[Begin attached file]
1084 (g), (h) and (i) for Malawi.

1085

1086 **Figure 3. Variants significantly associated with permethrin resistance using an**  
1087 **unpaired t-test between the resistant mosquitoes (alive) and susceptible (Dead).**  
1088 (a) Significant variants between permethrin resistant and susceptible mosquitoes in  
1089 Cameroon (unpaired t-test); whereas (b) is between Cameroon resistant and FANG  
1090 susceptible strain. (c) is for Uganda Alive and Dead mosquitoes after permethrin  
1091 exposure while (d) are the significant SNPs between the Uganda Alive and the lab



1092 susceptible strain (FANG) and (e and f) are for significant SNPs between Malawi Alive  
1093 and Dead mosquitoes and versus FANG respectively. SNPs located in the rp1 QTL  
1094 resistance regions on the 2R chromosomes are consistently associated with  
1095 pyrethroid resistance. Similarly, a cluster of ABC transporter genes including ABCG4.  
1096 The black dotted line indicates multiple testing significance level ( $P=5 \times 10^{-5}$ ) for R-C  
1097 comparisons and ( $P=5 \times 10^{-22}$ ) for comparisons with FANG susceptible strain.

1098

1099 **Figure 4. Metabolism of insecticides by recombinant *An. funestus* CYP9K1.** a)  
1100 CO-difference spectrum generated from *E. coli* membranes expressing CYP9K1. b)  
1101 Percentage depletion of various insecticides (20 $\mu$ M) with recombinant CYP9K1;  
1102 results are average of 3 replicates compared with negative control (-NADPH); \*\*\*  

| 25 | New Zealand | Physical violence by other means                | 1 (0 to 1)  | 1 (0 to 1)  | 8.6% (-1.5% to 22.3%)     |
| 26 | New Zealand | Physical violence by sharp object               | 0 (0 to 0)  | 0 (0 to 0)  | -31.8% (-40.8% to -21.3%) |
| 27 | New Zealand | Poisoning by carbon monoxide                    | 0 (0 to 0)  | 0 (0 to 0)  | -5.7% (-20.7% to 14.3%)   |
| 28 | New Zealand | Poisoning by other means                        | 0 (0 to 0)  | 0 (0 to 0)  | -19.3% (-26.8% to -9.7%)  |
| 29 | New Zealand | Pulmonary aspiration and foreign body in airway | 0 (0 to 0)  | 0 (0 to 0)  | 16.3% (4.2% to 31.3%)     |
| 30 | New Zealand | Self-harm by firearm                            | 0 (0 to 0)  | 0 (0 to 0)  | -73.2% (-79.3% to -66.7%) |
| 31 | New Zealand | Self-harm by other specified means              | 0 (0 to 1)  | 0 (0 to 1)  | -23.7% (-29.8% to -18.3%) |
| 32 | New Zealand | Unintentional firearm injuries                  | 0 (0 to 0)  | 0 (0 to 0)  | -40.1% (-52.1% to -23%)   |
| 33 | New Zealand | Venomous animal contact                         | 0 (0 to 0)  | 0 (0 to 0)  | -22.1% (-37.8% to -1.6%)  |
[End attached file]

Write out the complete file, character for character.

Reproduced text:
1084 (g), (h) and (i) for Malawi.

1085

1086 **Figure 3. Variants significantly associated with permethrin resistance using an**  
1087 **unpaired t-test between the resistant mosquitoes (alive) and susceptible (Dead).**  
1088 (a) Significant variants between permethrin resistant and susceptible mosquitoes in  
1089 Cameroon (unpaired t-test); whereas (b) is between Cameroon resistant and FANG  
1090 susceptible strain. (c) is for Uganda Alive and Dead mosquitoes after permethrin  
1091 exposure while (d) are the significant SNPs between the Uganda Alive and the lab



1092 susceptible strain (FANG) and (e and f) are for significant SNPs between Malawi Alive  
1093 and Dead mosquitoes and versus FANG respectively. SNPs located in the rp1 QTL  
1094 resistance regions on the 2R chromosomes are consistently associated with  
1095 pyrethroid resistance. Similarly, a cluster of ABC transporter genes including ABCG4.  
1096 The black dotted line indicates multiple testing significance level ( $P=5 \times 10^{-5}$ ) for R-C  
1097 comparisons and ( $P=5 \times 10^{-22}$ ) for comparisons with FANG susceptible strain.

1098

1099 **Figure 4. Metabolism of insecticides by recombinant *An. funestus* CYP9K1.** a)  
1100 CO-difference spectrum generated from *E. coli* membranes expressing CYP9K1. b)  
1101 Percentage depletion of various insecticides (20 $\mu$ M) with recombinant CYP9K1;  
1102 results are average of 3 replicates compared with negative control (-NADPH); \*\*\*  

| 25 | New Zealand | Physical violence by other means                | 1 (0 to 1)  | 1 (0 to 1)  | 8.6% (-1.5% to 22.3%)     |
| 26 | New Zealand | Physical violence by sharp object               | 0 (0 to 0)  | 0 (0 to 0)  | -31.8% (-40.8% to -21.3%) |
| 27 | New Zealand | Poisoning by carbon monoxide                    | 0 (0 to 0)  | 0 (0 to 0)  | -5.7% (-20.7% to 14.3%)   |
| 28 | New Zealand | Poisoning by other means                        | 0 (0 to 0)  | 0 (0 to 0)  | -19.3% (-26.8% to -9.7%)  |
| 29 | New Zealand | Pulmonary aspiration and foreign body in airway | 0 (0 to 0)  | 0 (0 to 0)  | 16.3% (4.2% to 31.3%)     |
| 30 | New Zealand | Self-harm by firearm                            | 0 (0 to 0)  | 0 (0 to 0)  | -73.2% (-79.3% to -66.7%) |
| 31 | New Zealand | Self-harm by other specified means              | 0 (0 to 1)  | 0 (0 to 1)  | -23.7% (-29.8% to -18.3%) |
| 32 | New Zealand | Unintentional firearm injuries                  | 0 (0 to 0)  | 0 (0 to 0)  | -40.1% (-52.1% to -23%)   |
| 33 | New Zealand | Venomous animal contact                         | 0 (0 to 0)  | 0 (0 to 0)  | -22.1% (-37.8% to -1.6%)  |